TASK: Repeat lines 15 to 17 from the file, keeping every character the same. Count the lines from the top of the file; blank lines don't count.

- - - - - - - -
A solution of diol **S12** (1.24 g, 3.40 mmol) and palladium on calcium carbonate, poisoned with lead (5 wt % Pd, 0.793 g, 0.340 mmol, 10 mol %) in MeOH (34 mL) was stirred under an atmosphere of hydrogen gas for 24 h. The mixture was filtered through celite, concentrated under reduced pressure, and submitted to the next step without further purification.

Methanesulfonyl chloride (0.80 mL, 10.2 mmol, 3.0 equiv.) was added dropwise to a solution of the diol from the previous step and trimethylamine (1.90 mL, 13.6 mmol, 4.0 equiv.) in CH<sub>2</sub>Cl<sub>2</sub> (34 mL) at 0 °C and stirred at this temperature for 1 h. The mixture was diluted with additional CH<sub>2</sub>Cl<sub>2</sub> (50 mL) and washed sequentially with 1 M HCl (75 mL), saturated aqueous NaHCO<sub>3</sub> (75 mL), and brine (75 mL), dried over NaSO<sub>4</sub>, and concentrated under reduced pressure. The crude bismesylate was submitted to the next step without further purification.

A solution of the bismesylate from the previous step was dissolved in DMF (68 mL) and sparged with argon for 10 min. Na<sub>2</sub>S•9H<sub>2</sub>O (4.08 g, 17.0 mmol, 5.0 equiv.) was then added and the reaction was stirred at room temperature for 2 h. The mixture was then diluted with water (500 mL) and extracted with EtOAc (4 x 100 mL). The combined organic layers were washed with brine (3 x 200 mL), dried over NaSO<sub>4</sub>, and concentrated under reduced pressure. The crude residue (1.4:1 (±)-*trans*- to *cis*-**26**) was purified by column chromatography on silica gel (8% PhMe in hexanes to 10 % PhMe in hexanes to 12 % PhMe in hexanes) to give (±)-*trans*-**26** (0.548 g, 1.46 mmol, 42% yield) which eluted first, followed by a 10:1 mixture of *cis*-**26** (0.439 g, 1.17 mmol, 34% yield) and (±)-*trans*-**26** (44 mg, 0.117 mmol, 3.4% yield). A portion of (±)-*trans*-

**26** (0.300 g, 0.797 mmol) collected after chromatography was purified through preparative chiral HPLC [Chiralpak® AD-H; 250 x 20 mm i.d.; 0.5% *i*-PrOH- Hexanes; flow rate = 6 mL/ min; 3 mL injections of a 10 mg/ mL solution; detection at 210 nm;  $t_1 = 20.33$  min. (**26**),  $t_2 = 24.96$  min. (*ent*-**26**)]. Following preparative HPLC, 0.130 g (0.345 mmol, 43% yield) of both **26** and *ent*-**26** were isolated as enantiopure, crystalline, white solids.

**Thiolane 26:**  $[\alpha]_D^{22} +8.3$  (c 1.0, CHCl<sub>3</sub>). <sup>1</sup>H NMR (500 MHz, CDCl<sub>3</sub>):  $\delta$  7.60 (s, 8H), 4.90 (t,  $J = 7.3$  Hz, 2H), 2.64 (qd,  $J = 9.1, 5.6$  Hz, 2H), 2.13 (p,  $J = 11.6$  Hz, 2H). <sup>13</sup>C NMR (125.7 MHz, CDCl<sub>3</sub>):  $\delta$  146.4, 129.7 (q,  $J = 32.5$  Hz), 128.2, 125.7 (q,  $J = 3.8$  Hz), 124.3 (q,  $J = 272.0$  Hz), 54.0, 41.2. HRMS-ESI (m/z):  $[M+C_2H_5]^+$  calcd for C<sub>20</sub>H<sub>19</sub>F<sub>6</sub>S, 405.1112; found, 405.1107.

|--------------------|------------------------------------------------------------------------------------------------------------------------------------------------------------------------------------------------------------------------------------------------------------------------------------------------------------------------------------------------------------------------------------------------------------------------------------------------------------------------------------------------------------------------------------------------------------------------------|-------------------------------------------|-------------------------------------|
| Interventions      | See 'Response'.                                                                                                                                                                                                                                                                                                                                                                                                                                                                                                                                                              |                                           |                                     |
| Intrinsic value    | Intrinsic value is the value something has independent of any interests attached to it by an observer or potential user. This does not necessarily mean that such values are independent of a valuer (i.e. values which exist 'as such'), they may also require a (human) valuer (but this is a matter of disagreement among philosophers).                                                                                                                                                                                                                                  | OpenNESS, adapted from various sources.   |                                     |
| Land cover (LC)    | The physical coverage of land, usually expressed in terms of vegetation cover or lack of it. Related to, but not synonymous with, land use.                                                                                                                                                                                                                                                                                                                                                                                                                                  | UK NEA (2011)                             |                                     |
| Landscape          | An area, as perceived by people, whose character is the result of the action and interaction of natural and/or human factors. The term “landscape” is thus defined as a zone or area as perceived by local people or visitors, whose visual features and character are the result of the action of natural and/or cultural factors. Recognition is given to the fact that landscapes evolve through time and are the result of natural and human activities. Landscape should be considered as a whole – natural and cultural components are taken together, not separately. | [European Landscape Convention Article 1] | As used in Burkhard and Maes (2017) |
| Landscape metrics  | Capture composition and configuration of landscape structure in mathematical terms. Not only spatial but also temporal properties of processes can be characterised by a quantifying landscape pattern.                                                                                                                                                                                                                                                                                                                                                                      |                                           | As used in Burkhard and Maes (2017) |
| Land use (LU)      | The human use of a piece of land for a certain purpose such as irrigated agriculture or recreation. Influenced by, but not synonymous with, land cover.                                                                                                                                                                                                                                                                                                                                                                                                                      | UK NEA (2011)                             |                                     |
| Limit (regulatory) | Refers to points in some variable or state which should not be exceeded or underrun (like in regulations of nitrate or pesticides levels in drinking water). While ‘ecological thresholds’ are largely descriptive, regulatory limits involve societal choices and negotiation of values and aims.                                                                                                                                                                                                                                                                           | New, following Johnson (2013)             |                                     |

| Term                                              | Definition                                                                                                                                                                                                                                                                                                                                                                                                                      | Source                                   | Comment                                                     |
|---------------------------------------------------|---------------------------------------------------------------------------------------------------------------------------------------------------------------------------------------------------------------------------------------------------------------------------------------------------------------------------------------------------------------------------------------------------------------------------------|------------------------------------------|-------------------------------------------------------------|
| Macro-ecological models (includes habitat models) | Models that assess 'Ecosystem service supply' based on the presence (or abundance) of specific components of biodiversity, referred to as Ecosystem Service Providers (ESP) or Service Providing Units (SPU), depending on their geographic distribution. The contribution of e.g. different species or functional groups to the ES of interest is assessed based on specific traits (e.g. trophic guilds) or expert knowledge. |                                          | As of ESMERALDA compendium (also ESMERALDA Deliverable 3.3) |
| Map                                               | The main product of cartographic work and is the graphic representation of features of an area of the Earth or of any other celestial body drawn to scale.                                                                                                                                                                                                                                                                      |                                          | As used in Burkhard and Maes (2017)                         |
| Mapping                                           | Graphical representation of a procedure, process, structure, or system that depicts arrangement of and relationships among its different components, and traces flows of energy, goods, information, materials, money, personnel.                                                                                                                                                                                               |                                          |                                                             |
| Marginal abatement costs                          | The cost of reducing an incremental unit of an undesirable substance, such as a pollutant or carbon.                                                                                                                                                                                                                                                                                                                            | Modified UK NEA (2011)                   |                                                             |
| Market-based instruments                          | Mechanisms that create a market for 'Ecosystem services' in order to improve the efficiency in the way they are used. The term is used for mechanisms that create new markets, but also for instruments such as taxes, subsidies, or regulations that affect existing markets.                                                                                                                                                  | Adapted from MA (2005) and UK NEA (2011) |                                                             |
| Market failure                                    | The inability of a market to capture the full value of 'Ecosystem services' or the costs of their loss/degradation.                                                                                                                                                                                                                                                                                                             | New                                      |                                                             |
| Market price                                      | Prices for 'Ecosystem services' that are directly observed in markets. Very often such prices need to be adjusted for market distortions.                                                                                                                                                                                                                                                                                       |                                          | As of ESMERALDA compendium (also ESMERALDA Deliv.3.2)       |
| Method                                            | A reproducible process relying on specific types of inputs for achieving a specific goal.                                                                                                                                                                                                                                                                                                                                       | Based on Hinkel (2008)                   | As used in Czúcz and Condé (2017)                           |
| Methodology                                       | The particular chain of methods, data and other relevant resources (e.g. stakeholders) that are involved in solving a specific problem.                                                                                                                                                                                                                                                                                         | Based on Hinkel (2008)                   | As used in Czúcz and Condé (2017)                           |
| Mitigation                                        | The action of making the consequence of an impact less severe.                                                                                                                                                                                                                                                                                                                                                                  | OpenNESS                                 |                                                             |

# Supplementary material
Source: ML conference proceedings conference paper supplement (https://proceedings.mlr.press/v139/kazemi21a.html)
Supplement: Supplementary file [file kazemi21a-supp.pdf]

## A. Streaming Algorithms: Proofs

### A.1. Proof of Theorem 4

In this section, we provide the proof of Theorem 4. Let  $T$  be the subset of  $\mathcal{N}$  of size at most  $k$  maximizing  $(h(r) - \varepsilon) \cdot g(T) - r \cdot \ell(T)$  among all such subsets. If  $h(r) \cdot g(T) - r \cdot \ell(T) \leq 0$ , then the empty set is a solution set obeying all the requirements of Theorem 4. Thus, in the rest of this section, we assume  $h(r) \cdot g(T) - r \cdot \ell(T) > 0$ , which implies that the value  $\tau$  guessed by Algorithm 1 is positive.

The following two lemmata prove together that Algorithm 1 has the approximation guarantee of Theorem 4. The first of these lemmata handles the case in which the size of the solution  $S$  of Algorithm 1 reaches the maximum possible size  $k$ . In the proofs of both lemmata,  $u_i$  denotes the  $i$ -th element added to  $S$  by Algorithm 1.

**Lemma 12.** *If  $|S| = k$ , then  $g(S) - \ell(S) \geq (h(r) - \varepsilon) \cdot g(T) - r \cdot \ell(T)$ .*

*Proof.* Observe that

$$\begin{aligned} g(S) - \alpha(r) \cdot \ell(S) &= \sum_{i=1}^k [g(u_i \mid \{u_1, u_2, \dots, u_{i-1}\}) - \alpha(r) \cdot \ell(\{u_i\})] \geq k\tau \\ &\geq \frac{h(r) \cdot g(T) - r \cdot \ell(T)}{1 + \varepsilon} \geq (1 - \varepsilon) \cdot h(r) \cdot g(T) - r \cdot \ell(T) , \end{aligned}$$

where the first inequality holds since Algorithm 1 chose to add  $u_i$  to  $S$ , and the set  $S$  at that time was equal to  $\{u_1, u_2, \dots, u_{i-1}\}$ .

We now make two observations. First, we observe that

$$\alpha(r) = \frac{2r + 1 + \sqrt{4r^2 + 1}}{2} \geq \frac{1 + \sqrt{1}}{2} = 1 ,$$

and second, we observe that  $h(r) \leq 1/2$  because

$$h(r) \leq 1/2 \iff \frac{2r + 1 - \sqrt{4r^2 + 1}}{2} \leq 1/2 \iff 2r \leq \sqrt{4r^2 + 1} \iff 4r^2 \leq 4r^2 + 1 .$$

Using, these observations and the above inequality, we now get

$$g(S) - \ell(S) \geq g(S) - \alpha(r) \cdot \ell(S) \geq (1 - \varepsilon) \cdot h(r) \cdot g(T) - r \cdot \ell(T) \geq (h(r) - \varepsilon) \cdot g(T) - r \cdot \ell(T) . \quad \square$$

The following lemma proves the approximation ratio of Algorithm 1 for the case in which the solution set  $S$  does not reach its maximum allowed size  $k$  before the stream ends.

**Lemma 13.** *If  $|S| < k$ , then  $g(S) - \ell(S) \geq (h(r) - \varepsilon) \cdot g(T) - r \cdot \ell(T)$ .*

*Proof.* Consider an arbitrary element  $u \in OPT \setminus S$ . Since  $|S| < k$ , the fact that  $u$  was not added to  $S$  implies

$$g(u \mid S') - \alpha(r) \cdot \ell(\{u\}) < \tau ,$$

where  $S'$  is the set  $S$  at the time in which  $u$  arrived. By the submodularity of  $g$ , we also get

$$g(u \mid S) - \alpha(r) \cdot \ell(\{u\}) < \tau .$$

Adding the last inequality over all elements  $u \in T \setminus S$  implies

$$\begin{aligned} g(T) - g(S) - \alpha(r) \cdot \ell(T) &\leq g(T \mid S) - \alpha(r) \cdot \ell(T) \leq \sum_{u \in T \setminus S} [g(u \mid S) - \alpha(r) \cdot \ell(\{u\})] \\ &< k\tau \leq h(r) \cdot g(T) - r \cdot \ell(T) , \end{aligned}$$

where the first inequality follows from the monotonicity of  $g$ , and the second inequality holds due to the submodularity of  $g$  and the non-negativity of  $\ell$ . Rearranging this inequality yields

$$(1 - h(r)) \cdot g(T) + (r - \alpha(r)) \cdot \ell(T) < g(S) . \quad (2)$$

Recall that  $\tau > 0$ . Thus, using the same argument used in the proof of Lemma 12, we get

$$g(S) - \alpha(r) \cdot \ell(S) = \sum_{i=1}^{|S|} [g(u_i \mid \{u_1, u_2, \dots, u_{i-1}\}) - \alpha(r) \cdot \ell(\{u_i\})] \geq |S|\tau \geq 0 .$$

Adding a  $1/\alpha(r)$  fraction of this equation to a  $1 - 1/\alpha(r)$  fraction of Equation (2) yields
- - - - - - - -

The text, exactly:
|---------------------------------------------------|---------------------------------------------------------------------------------------------------------------------------------------------------------------------------------------------------------------------------------------------------------------------------------------------------------------------------------------------------------------------------------------------------------------------------------|------------------------------------------|-------------------------------------------------------------|
| Macro-ecological models (includes habitat models) | Models that assess 'Ecosystem service supply' based on the presence (or abundance) of specific components of biodiversity, referred to as Ecosystem Service Providers (ESP) or Service Providing Units (SPU), depending on their geographic distribution. The contribution of e.g. different species or functional groups to the ES of interest is assessed based on specific traits (e.g. trophic guilds) or expert knowledge. |                                          | As of ESMERALDA compendium (also ESMERALDA Deliverable 3.3) |
| Map                                               | The main product of cartographic work and is the graphic representation of features of an area of the Earth or of any other celestial body drawn to scale.                                                                                                                                                                                                                                                                      |                                          | As used in Burkhard and Maes (2017)                         |